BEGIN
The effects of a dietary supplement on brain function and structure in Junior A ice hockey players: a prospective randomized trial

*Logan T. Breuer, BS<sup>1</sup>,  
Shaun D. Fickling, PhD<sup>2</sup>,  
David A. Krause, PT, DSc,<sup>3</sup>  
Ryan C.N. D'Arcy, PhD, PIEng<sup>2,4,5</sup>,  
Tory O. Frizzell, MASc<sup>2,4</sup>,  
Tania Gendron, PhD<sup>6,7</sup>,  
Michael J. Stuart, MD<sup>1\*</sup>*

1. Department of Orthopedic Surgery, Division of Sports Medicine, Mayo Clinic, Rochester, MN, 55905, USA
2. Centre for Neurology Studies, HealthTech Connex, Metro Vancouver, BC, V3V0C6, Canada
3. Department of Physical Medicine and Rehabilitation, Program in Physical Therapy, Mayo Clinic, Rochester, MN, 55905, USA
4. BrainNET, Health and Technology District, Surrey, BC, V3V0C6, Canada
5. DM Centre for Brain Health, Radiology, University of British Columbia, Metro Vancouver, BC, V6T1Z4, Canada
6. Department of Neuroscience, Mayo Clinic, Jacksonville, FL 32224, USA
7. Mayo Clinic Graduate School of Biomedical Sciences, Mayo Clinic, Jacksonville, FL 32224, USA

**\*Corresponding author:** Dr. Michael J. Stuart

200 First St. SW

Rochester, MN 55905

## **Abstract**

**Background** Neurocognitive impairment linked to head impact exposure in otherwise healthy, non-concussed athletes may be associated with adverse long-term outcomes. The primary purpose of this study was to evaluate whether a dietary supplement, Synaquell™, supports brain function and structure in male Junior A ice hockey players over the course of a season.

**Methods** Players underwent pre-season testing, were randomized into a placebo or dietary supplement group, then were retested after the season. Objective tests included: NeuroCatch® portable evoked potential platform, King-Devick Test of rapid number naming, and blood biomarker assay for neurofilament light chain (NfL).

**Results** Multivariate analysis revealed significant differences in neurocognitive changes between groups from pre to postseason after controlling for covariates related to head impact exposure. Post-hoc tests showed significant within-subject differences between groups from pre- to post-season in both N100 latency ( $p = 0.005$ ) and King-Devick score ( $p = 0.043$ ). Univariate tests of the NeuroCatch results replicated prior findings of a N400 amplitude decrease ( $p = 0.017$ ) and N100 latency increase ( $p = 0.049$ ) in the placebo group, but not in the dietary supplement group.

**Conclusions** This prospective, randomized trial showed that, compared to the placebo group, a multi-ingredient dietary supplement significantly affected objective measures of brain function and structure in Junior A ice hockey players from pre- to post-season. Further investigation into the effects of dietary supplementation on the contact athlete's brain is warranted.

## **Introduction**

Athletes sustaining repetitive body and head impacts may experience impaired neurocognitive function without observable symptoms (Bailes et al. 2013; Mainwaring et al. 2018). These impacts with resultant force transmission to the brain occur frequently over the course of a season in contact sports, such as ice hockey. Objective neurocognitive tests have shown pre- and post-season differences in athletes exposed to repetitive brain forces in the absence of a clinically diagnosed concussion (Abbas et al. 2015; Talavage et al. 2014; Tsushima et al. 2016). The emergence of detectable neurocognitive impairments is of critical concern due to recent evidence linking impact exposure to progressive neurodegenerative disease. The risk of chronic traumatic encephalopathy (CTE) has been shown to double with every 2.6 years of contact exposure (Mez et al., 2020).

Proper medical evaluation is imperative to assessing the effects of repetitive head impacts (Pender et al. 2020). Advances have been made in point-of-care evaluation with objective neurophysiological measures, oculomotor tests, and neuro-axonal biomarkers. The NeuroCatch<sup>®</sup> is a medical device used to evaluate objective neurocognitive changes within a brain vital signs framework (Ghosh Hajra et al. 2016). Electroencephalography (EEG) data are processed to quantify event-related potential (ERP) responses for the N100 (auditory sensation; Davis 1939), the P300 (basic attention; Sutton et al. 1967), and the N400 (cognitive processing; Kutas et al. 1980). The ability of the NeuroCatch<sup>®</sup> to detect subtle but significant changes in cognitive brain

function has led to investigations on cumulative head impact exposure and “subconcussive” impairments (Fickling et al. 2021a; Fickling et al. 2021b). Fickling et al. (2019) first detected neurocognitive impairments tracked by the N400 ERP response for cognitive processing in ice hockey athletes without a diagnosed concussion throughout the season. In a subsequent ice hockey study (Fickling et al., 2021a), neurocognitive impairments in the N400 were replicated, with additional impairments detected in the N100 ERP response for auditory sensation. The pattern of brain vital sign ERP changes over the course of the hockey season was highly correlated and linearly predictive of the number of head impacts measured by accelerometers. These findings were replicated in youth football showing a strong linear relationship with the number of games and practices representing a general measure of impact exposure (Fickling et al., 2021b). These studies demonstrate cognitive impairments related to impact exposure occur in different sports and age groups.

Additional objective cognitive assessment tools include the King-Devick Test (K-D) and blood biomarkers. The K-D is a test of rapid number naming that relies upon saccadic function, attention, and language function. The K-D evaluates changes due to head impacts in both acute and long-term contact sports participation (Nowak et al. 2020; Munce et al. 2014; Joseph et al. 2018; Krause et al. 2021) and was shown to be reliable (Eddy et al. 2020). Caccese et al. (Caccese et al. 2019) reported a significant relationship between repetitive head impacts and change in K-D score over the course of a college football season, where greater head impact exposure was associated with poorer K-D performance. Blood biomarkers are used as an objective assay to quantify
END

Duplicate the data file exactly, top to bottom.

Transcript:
The effects of a dietary supplement on brain function and structure in Junior A ice hockey players: a prospective randomized trial

*Logan T. Breuer, BS<sup>1</sup>,  
Shaun D. Fickling, PhD<sup>2</sup>,  
David A. Krause, PT, DSc,<sup>3</sup>  
Ryan C.N. D'Arcy, PhD, PIEng<sup>2,4,5</sup>,  
Tory O. Frizzell, MASc<sup>2,4</sup>,  
Tania Gendron, PhD<sup>6,7</sup>,  
Michael J. Stuart, MD<sup>1\*</sup>*

1. Department of Orthopedic Surgery, Division of Sports Medicine, Mayo Clinic, Rochester, MN, 55905, USA
2. Centre for Neurology Studies, HealthTech Connex, Metro Vancouver, BC, V3V0C6, Canada
3. Department of Physical Medicine and Rehabilitation, Program in Physical Therapy, Mayo Clinic, Rochester, MN, 55905, USA
4. BrainNET, Health and Technology District, Surrey, BC, V3V0C6, Canada
5. DM Centre for Brain Health, Radiology, University of British Columbia, Metro Vancouver, BC, V6T1Z4, Canada
6. Department of Neuroscience, Mayo Clinic, Jacksonville, FL 32224, USA
7. Mayo Clinic Graduate School of Biomedical Sciences, Mayo Clinic, Jacksonville, FL 32224, USA

**\*Corresponding author:** Dr. Michael J. Stuart

200 First St. SW

Rochester, MN 55905

## **Abstract**

**Background** Neurocognitive impairment linked to head impact exposure in otherwise healthy, non-concussed athletes may be associated with adverse long-term outcomes. The primary purpose of this study was to evaluate whether a dietary supplement, Synaquell™, supports brain function and structure in male Junior A ice hockey players over the course of a season.

**Methods** Players underwent pre-season testing, were randomized into a placebo or dietary supplement group, then were retested after the season. Objective tests included: NeuroCatch® portable evoked potential platform, King-Devick Test of rapid number naming, and blood biomarker assay for neurofilament light chain (NfL).

**Results** Multivariate analysis revealed significant differences in neurocognitive changes between groups from pre to postseason after controlling for covariates related to head impact exposure. Post-hoc tests showed significant within-subject differences between groups from pre- to post-season in both N100 latency ( $p = 0.005$ ) and King-Devick score ( $p = 0.043$ ). Univariate tests of the NeuroCatch results replicated prior findings of a N400 amplitude decrease ( $p = 0.017$ ) and N100 latency increase ( $p = 0.049$ ) in the placebo group, but not in the dietary supplement group.

**Conclusions** This prospective, randomized trial showed that, compared to the placebo group, a multi-ingredient dietary supplement significantly affected objective measures of brain function and structure in Junior A ice hockey players from pre- to post-season. Further investigation into the effects of dietary supplementation on the contact athlete's brain is warranted.

## **Introduction**

Athletes sustaining repetitive body and head impacts may experience impaired neurocognitive function without observable symptoms (Bailes et al. 2013; Mainwaring et al. 2018). These impacts with resultant force transmission to the brain occur frequently over the course of a season in contact sports, such as ice hockey. Objective neurocognitive tests have shown pre- and post-season differences in athletes exposed to repetitive brain forces in the absence of a clinically diagnosed concussion (Abbas et al. 2015; Talavage et al. 2014; Tsushima et al. 2016). The emergence of detectable neurocognitive impairments is of critical concern due to recent evidence linking impact exposure to progressive neurodegenerative disease. The risk of chronic traumatic encephalopathy (CTE) has been shown to double with every 2.6 years of contact exposure (Mez et al., 2020).

Proper medical evaluation is imperative to assessing the effects of repetitive head impacts (Pender et al. 2020). Advances have been made in point-of-care evaluation with objective neurophysiological measures, oculomotor tests, and neuro-axonal biomarkers. The NeuroCatch<sup>®</sup> is a medical device used to evaluate objective neurocognitive changes within a brain vital signs framework (Ghosh Hajra et al. 2016). Electroencephalography (EEG) data are processed to quantify event-related potential (ERP) responses for the N100 (auditory sensation; Davis 1939), the P300 (basic attention; Sutton et al. 1967), and the N400 (cognitive processing; Kutas et al. 1980). The ability of the NeuroCatch<sup>®</sup> to detect subtle but significant changes in cognitive brain

function has led to investigations on cumulative head impact exposure and “subconcussive” impairments (Fickling et al. 2021a; Fickling et al. 2021b). Fickling et al. (2019) first detected neurocognitive impairments tracked by the N400 ERP response for cognitive processing in ice hockey athletes without a diagnosed concussion throughout the season. In a subsequent ice hockey study (Fickling et al., 2021a), neurocognitive impairments in the N400 were replicated, with additional impairments detected in the N100 ERP response for auditory sensation. The pattern of brain vital sign ERP changes over the course of the hockey season was highly correlated and linearly predictive of the number of head impacts measured by accelerometers. These findings were replicated in youth football showing a strong linear relationship with the number of games and practices representing a general measure of impact exposure (Fickling et al., 2021b). These studies demonstrate cognitive impairments related to impact exposure occur in different sports and age groups.

Additional objective cognitive assessment tools include the King-Devick Test (K-D) and blood biomarkers. The K-D is a test of rapid number naming that relies upon saccadic function, attention, and language function. The K-D evaluates changes due to head impacts in both acute and long-term contact sports participation (Nowak et al. 2020; Munce et al. 2014; Joseph et al. 2018; Krause et al. 2021) and was shown to be reliable (Eddy et al. 2020). Caccese et al. (Caccese et al. 2019) reported a significant relationship between repetitive head impacts and change in K-D score over the course of a college football season, where greater head impact exposure was associated with poorer K-D performance. Blood biomarkers are used as an objective assay to quantify